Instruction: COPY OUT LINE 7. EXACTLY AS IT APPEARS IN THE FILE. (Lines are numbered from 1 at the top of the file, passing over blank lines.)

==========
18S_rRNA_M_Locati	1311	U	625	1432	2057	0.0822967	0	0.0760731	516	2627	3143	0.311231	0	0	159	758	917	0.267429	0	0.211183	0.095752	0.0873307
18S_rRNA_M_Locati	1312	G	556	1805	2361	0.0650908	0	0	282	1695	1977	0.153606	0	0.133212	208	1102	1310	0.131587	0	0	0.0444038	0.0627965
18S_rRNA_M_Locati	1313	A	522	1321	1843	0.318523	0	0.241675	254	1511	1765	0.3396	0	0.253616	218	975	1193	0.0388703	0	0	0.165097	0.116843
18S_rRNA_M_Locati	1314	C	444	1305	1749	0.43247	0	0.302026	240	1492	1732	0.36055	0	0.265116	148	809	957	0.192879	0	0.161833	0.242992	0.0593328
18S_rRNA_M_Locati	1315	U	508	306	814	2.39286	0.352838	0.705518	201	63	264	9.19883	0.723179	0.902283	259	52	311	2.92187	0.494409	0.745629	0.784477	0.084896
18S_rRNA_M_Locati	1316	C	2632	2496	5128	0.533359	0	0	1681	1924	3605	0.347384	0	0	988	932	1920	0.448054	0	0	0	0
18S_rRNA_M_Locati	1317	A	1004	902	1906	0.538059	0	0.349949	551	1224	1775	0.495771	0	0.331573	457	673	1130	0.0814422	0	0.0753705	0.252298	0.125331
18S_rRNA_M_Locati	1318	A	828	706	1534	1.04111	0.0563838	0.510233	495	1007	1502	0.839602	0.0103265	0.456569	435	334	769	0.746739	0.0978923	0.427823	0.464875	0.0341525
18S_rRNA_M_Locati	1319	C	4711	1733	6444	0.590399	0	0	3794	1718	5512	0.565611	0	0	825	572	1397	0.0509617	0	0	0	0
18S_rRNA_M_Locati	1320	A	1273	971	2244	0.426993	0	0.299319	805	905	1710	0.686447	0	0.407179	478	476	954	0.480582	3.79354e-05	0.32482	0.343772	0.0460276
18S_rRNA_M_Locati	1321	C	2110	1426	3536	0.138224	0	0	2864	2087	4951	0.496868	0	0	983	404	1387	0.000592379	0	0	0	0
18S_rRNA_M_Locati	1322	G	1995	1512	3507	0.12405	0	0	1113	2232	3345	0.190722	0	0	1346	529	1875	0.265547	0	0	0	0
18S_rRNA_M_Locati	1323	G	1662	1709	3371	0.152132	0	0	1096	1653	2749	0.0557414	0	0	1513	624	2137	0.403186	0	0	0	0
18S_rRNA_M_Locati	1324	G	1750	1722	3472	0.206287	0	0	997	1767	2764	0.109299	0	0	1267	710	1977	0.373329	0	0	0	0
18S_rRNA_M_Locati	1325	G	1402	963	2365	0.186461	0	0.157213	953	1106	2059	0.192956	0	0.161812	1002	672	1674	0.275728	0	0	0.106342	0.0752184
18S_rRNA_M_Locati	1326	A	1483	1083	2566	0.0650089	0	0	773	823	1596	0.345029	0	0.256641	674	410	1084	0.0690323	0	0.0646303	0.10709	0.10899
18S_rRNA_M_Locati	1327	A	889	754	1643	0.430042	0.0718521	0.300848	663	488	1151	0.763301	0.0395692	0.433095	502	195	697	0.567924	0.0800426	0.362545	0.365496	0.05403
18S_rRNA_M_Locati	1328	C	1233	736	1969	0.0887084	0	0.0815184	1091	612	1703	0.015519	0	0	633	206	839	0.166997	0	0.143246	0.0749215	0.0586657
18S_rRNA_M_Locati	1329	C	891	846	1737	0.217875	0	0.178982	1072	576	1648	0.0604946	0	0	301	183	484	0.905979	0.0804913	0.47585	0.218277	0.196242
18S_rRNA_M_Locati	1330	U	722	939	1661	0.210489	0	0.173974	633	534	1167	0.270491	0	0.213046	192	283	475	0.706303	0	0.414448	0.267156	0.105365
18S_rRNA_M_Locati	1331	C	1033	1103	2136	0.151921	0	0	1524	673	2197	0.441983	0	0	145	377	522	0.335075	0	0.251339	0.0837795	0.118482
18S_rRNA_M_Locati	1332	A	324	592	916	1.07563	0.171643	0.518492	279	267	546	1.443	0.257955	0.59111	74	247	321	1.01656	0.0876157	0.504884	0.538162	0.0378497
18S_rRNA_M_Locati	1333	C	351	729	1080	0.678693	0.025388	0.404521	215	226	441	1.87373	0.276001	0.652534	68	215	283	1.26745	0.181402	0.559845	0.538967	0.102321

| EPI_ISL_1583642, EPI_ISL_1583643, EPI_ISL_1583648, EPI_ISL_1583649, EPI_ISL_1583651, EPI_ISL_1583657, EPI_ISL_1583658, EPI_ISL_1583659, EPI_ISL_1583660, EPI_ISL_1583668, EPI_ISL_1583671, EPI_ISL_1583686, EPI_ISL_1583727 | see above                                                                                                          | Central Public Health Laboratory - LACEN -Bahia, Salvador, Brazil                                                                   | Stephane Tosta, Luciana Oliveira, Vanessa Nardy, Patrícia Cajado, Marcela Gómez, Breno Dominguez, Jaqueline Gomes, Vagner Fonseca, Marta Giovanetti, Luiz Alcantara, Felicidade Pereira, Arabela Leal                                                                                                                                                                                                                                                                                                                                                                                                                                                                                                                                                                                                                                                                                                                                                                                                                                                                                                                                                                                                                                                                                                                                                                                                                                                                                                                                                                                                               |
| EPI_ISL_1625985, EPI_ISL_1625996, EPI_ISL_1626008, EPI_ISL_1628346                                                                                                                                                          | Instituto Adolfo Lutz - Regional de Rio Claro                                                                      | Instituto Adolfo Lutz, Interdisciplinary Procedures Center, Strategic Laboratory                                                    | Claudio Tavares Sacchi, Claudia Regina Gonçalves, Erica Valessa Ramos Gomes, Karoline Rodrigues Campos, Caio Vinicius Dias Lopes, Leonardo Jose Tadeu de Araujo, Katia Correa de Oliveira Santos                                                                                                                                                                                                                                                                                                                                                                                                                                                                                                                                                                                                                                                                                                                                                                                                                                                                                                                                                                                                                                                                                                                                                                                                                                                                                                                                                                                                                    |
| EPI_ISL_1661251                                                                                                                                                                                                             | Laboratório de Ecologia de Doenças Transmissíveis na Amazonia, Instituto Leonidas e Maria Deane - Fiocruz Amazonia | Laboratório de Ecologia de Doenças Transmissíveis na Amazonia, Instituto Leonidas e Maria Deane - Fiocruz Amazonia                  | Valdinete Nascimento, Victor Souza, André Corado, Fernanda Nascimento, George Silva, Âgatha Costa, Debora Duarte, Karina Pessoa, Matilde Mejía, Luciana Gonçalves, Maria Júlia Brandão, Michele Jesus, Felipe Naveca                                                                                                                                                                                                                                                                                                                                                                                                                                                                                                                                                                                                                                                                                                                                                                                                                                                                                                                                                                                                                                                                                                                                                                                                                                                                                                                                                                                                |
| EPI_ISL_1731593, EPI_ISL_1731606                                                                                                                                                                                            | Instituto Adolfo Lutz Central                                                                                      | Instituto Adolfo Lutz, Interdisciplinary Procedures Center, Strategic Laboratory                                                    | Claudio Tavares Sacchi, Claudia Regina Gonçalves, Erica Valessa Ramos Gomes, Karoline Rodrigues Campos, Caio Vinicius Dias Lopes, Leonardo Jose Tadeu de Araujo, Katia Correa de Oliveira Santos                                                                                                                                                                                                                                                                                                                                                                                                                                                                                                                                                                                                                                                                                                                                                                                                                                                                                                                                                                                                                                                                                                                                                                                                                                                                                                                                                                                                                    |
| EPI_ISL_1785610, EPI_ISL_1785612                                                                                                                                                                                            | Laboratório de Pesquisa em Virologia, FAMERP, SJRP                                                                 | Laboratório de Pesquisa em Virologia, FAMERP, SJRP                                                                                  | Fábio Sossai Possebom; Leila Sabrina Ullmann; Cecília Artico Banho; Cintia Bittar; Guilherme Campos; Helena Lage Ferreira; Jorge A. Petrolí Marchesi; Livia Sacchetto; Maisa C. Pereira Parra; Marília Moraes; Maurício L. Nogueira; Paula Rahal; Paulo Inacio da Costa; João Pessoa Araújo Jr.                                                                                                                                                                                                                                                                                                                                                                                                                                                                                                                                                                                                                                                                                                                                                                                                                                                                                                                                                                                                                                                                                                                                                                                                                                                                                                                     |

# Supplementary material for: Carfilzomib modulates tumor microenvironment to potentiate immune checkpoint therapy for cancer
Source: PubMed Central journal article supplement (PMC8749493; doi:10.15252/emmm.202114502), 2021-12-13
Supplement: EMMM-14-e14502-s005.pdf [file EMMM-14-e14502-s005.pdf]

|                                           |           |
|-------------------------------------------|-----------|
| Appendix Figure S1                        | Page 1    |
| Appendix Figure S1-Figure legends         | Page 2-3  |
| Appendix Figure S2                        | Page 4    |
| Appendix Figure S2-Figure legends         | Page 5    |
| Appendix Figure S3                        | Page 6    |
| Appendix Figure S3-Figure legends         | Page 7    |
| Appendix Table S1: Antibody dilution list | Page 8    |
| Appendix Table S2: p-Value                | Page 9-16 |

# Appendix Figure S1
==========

18S_rRNA_M_Locati	1317	A	1004	902	1906	0.538059	0	0.349949	551	1224	1775	0.495771	0	0.331573	457	673	1130	0.0814422	0	0.0753705	0.252298	0.125331